The Divinity is a boundless Ocean of Bliss and Glory: Human minds are smaller streams, which, arising at first from the ocean, seek still, amid all wanderings, to return to it, and to lose themselves in that immensity of perfection. When checked in this natural course, by vice or folly, they become furious and enraged, and, swelling to a torrent, do then spread horror and devastation on the neighboring plains.
Thomas Hobbes's politics are fitted only to promote tyranny, and his ethics to encourage licentiousness.
If subjects must never resist, it follows that every prince, without any effort, policy, or violence, is at once rendered absolute and uncontrollable.
When principles are so absurd and so destructive of human society, it may safely be averred, that the more sincere and the more disinterested they are, they only become the more ridiculous and the more odious.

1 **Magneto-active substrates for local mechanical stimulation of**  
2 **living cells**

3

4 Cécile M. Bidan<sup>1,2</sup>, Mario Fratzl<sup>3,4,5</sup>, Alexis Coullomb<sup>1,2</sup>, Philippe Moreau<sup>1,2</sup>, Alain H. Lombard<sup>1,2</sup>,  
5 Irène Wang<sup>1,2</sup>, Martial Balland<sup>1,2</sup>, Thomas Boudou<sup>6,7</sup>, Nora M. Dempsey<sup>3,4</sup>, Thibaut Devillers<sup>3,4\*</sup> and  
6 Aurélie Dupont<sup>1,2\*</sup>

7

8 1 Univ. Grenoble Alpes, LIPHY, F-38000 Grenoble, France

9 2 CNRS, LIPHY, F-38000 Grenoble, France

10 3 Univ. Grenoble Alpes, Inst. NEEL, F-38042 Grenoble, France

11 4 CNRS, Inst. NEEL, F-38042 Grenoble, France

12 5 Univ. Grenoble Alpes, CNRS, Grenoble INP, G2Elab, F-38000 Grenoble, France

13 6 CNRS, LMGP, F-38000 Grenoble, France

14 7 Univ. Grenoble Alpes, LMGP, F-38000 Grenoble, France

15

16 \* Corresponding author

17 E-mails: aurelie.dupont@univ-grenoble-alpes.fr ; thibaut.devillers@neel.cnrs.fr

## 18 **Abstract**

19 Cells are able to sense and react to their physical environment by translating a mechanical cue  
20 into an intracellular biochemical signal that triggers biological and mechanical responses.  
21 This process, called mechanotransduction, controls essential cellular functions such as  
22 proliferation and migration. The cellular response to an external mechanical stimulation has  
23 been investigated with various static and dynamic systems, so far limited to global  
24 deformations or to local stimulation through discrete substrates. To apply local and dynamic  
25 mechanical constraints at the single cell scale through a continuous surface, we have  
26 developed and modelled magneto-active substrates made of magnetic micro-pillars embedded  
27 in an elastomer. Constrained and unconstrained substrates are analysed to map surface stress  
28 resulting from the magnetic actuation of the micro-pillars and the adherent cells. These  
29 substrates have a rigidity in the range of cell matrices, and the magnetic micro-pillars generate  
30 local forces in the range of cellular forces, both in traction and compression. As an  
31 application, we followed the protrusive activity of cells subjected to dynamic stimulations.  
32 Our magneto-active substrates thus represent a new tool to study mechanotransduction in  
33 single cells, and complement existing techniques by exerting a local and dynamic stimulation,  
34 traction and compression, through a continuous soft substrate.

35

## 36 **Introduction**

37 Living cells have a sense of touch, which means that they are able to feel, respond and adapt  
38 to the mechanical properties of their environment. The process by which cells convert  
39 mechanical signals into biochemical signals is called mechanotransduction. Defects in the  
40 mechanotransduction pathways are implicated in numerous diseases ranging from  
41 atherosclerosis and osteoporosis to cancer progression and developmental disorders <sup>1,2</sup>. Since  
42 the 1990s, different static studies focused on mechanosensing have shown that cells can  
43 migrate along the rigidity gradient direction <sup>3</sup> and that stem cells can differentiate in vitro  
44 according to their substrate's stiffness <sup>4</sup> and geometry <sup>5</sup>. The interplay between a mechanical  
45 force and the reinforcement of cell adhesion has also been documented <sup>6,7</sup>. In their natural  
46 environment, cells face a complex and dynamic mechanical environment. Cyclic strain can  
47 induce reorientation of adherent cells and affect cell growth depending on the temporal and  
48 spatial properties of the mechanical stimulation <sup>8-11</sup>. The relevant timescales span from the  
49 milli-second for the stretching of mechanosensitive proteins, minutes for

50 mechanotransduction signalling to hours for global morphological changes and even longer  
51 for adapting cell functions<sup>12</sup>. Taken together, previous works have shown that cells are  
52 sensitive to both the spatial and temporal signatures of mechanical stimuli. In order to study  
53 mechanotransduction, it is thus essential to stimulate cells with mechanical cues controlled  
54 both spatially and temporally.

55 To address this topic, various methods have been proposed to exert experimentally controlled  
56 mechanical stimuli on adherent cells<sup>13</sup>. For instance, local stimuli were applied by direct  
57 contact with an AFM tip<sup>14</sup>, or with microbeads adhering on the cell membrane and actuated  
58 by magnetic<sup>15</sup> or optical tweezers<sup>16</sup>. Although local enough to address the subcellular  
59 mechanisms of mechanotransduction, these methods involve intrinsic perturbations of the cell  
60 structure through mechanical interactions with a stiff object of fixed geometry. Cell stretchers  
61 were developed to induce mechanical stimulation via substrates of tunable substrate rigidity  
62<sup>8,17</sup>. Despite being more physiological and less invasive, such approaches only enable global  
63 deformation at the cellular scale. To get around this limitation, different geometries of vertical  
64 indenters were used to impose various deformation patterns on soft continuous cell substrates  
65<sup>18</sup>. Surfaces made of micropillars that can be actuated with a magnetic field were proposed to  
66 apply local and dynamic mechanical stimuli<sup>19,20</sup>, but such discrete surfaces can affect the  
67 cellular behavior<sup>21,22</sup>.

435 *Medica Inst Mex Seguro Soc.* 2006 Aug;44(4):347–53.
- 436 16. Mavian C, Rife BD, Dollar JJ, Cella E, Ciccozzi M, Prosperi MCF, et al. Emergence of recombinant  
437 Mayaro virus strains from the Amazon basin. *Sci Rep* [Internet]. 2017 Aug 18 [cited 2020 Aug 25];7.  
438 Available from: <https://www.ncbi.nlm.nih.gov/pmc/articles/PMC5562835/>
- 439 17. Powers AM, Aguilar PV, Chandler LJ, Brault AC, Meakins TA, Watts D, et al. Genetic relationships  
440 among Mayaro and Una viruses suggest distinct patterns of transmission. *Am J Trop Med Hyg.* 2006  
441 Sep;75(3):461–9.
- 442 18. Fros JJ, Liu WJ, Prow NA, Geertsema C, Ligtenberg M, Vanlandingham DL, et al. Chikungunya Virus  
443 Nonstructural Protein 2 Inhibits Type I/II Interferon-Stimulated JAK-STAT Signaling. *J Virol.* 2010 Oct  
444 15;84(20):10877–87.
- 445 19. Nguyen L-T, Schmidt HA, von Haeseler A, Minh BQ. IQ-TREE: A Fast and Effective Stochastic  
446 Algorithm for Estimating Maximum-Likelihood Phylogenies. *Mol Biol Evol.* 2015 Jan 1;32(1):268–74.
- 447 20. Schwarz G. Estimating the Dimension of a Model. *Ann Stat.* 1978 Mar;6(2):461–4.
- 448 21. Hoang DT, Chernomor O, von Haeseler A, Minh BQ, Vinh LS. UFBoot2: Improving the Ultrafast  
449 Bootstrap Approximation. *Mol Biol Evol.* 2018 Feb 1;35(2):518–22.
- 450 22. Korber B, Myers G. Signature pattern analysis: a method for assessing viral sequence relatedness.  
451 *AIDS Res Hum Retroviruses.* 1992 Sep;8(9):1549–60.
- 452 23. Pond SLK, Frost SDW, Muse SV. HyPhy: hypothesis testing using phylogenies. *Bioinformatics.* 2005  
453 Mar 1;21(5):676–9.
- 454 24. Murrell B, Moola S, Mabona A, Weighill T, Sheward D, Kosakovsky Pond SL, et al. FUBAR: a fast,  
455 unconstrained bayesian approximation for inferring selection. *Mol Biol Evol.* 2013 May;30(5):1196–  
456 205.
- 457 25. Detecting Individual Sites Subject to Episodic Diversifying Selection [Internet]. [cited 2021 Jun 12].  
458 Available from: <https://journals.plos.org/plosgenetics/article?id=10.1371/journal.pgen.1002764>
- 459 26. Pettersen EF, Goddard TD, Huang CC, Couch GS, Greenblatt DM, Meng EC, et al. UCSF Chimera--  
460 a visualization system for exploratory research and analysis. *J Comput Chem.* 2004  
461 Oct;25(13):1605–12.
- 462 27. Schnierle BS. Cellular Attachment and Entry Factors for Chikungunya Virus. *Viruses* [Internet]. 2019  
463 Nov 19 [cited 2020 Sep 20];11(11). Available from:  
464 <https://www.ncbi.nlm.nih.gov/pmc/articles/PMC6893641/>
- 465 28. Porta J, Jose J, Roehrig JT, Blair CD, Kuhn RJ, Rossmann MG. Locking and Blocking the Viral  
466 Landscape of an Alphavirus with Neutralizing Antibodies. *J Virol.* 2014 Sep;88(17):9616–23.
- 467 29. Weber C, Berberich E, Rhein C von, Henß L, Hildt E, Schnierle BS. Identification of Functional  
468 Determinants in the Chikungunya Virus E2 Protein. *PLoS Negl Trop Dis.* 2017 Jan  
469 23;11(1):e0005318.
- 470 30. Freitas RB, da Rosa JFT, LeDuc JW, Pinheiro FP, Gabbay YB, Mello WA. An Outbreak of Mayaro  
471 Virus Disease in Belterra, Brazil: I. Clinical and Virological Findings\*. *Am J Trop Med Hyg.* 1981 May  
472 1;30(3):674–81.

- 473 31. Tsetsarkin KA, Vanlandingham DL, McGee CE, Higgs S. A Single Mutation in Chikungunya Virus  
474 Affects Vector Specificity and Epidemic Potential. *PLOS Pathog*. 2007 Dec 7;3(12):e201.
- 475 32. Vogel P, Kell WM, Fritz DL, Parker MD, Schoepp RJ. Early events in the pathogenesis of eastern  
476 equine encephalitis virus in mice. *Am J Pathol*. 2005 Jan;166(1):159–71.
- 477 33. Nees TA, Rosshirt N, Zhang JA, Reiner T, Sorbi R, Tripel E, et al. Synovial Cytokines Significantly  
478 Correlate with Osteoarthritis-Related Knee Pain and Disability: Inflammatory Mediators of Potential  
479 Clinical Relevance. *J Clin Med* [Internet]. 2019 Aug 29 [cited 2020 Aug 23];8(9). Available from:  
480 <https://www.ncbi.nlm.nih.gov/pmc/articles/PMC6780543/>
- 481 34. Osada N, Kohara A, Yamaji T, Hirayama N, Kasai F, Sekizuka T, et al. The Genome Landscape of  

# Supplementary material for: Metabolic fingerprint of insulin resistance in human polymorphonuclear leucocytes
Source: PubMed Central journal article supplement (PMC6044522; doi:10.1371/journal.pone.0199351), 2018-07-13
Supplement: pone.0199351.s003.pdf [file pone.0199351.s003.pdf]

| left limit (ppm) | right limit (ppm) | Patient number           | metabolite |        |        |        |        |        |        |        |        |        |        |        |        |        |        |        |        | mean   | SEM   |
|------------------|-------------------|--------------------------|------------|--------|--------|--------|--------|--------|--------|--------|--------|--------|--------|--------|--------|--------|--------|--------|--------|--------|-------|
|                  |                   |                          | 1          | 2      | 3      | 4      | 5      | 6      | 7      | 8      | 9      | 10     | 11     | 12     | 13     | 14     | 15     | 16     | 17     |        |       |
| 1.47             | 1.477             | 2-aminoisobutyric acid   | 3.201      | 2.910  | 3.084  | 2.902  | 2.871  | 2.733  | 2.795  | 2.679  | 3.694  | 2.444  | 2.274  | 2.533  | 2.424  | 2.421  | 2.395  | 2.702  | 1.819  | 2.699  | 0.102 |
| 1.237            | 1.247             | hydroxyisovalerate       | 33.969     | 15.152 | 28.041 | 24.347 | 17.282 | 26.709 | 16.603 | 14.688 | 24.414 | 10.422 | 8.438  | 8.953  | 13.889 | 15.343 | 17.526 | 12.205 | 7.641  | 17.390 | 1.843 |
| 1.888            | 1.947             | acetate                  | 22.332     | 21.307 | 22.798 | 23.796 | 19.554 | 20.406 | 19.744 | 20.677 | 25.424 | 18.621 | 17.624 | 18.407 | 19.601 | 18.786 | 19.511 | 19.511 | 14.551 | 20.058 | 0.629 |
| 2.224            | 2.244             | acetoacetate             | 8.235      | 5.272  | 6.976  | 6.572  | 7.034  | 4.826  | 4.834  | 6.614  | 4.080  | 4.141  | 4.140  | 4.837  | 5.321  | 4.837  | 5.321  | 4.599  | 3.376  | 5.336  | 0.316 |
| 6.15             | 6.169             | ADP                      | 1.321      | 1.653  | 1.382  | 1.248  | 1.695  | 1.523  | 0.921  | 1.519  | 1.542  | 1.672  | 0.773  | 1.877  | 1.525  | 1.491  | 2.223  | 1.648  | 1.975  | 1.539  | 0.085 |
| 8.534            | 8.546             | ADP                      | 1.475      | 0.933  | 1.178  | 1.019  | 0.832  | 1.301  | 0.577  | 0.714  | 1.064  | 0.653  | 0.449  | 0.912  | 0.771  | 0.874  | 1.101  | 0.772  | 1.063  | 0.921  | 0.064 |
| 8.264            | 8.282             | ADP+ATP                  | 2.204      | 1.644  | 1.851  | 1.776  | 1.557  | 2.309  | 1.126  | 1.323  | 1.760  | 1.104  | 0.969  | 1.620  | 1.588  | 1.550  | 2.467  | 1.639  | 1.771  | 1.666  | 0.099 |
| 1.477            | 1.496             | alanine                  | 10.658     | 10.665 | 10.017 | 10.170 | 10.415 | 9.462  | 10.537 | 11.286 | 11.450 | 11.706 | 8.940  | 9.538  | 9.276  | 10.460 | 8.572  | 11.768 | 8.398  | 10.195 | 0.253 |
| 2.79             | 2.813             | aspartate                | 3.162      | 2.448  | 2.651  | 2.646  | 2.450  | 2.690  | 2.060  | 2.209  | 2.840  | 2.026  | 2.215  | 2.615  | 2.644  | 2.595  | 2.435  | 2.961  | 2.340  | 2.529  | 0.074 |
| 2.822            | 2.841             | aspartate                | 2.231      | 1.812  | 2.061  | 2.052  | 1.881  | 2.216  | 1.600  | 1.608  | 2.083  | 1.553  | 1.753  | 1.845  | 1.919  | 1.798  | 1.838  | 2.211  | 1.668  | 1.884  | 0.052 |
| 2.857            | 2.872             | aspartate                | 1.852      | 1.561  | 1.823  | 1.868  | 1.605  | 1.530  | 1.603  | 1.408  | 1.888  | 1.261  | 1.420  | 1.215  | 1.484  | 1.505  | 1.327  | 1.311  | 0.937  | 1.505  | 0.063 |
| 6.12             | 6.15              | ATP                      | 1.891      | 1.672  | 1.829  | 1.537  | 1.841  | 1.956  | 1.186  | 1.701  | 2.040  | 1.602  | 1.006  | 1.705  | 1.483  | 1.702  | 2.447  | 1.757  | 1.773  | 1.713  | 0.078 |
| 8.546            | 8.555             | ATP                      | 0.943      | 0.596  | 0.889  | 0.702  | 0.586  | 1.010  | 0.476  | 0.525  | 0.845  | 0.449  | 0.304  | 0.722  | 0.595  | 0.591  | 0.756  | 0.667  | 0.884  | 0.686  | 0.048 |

Nay, if we should suppose, what seldom happens, that a popular religion were found, in which it was expressly declared that nothing but morality could gain the divine favor; if an order of priests were instituted to inculcate this opinion in daily sermons and with all the arts of persuasion; yet so inveterate are the people's prejudices, that, for want of some other superstition, they would make the very attendance on these sermons the essentials of religion, rather than place them in virtue and good morals.
Be a philosopher; but amidst all your philosophy, be still a man.
Rousseau is the person whom I most revere both for the Force of his Genius and the Greatness of his mind [...]
The admirers and followers of the Al Koran insist on the excellent moral precepts interspersed throughout that wild and absurd performance...Would we know, whether the pretended prophet had really attained a just sentiment of morality, let us attend to his narration, and we shall soon find, that he bestows praise upon such instances of treachery, inhumanity, cruelty, revenge, bigotry, as are utterly incompatible with civilised society. No steady rule of right conduct seems there to be attended to: and every action is blamed or praised, so far only as it is beneficial or harmful to the true believers.